Omicron is also in Namibia. This was announced by President Hage Geingob and Minister of Health, Kalumbi Shangula, at a media conference in the morning. Accordingly, the newly discovered variant of the corona virus SARS-CoV-2 was detected in 18 of 19 samples from corona infected people.

Incidence increased dramatically

It is probably no coincidence that the infection rate suddenly increases sharply. 695 new infections were registered between 1 and 5 December, said Shangula. More than three quarters of the cases are from the Khomas region, thus Windhoek with its commuter towns Okahandja and Rehoboth.

The 7 day incidence increased from 3.0 to 18.0 within a week. According to initial findings, Omikron is much more contagious than the previously prevalent Delta variant. So far, however, there have not been significantly more hospitalisations.

Appeal to get vaccinated

Shangula appealed to all Namibians’ self-responsibility for following government measures to prevent the virus from spreading. Above all, one should get vaccinated. The rate of fully vaccinated people is still below 20%.

Geingob denounced the lack of willingness to vaccinate which caused that 150,000 doses of vaccine, some donated and some bought, had to be destroyed after they had passed the expiry date. At the same time, he emphasised that the government was now encouraging booster vaccinations.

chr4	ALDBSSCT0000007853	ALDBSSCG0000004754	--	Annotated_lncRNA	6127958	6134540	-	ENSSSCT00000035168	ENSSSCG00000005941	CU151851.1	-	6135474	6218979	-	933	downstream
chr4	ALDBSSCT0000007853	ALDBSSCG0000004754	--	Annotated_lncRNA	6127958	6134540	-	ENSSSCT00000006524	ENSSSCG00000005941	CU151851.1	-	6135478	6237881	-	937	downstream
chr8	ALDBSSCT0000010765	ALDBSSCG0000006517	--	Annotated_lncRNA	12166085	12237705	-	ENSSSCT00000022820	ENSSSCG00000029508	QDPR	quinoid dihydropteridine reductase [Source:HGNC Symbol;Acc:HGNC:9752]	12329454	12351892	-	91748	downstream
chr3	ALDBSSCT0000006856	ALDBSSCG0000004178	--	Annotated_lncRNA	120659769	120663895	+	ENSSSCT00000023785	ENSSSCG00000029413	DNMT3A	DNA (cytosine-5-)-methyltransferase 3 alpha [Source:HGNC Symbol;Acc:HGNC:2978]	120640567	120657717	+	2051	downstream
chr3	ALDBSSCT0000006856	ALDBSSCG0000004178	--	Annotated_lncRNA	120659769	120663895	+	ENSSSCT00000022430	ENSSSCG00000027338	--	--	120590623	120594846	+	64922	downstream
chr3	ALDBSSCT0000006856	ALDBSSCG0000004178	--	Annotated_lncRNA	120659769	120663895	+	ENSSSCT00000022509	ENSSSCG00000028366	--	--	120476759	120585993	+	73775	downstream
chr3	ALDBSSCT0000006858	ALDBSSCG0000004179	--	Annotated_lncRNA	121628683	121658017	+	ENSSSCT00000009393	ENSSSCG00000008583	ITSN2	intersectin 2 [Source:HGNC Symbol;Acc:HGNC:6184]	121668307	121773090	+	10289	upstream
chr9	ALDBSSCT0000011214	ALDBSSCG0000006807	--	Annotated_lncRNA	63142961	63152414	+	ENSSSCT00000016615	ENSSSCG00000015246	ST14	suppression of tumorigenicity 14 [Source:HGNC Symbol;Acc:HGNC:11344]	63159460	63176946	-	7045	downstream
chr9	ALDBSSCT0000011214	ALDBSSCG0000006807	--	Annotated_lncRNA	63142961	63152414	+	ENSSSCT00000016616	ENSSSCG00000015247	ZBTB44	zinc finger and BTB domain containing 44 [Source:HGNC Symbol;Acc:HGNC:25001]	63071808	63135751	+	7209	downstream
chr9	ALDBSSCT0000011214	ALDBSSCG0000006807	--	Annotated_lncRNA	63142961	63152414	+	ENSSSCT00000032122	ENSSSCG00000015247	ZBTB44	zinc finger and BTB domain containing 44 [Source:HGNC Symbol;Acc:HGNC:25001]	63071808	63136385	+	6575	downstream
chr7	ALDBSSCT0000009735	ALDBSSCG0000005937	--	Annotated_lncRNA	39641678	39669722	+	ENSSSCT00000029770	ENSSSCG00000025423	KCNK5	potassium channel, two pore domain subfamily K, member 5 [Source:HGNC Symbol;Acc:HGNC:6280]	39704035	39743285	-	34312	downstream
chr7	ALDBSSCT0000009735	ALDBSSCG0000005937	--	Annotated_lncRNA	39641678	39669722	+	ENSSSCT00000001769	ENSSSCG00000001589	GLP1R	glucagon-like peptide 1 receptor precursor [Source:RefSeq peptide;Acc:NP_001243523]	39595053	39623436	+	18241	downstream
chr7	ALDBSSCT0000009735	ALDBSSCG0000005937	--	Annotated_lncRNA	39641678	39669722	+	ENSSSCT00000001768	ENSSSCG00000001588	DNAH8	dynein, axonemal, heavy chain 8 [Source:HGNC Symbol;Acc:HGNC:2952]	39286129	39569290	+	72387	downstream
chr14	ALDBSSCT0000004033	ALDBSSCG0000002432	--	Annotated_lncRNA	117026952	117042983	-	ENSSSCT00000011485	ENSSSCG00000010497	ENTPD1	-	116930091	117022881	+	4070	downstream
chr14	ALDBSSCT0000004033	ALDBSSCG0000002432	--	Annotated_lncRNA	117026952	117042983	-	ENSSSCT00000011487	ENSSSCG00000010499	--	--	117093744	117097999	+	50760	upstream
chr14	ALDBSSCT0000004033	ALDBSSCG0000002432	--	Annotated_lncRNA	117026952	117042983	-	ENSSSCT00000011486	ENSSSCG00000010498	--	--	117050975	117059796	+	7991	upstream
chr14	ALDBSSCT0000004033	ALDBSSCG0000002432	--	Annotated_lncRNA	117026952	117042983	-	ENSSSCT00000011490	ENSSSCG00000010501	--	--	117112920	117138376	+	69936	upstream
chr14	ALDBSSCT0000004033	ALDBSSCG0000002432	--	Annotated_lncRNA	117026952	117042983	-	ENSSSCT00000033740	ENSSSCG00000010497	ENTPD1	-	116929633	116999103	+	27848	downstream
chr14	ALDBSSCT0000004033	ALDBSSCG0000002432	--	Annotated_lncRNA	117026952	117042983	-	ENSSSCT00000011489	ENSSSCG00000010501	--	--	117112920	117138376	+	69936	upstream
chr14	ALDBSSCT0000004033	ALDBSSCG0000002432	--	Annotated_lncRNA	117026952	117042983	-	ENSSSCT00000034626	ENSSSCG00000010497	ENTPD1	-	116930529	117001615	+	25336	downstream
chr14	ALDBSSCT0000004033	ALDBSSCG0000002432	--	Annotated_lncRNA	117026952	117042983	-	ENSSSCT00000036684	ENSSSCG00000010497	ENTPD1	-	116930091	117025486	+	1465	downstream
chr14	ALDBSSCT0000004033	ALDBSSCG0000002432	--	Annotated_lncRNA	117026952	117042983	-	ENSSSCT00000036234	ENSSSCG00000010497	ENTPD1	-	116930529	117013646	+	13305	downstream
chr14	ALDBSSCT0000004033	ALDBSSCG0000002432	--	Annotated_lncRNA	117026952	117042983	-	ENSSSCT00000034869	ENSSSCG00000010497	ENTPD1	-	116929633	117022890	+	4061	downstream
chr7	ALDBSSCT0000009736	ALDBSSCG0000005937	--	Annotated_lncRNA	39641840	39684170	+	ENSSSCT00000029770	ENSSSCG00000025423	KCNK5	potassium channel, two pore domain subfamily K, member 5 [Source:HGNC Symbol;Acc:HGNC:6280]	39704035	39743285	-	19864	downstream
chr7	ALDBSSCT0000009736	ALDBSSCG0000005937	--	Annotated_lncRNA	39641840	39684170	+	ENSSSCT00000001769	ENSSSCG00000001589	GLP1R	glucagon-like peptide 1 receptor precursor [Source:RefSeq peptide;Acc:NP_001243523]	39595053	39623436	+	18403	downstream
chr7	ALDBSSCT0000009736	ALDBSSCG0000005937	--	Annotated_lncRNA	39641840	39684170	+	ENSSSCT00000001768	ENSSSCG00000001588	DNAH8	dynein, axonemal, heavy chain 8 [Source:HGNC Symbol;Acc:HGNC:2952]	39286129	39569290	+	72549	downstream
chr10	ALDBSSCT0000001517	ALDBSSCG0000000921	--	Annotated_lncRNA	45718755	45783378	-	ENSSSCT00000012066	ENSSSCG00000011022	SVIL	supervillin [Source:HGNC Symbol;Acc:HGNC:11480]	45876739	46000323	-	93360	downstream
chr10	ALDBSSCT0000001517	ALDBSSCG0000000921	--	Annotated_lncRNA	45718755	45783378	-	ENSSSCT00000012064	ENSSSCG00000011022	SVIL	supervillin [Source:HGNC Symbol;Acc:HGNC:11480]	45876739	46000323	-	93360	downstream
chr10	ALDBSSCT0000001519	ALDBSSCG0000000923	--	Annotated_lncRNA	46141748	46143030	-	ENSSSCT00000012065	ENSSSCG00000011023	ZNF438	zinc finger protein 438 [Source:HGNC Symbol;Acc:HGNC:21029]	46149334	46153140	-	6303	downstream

Measures unchanged

No new measures were announced. However, the development is being monitored very closely, Geingob stressed. Further steps will be taken as soon as this becomes necessary. The next COVID-19 briefing is scheduled for 15 December.

The summer holidays are currently starting in Namibia. Many Namibians who work in the cities visit their families in the north or in other rural areas. Many also travel to the cooler coast.

Competence in South Africa and Namibia

Geingob condemned the steps of many states to seal off themselves from southern Africa as damaging and showing a lack in solidarity. At the same time, he and Shangula praised the contribution of South African scientists to the international fight against the pandemic.

The scientific report on Omicron in Namibia [PDF link], including genome sequencing, was a German-Namibian team work, involving the medical institute of the University of Namibia, the Research Center Borstel and the Robert Koch Institute as well as the Namibia Institute of Pathology, PathCare Namibia and DiagnoLab Namibia.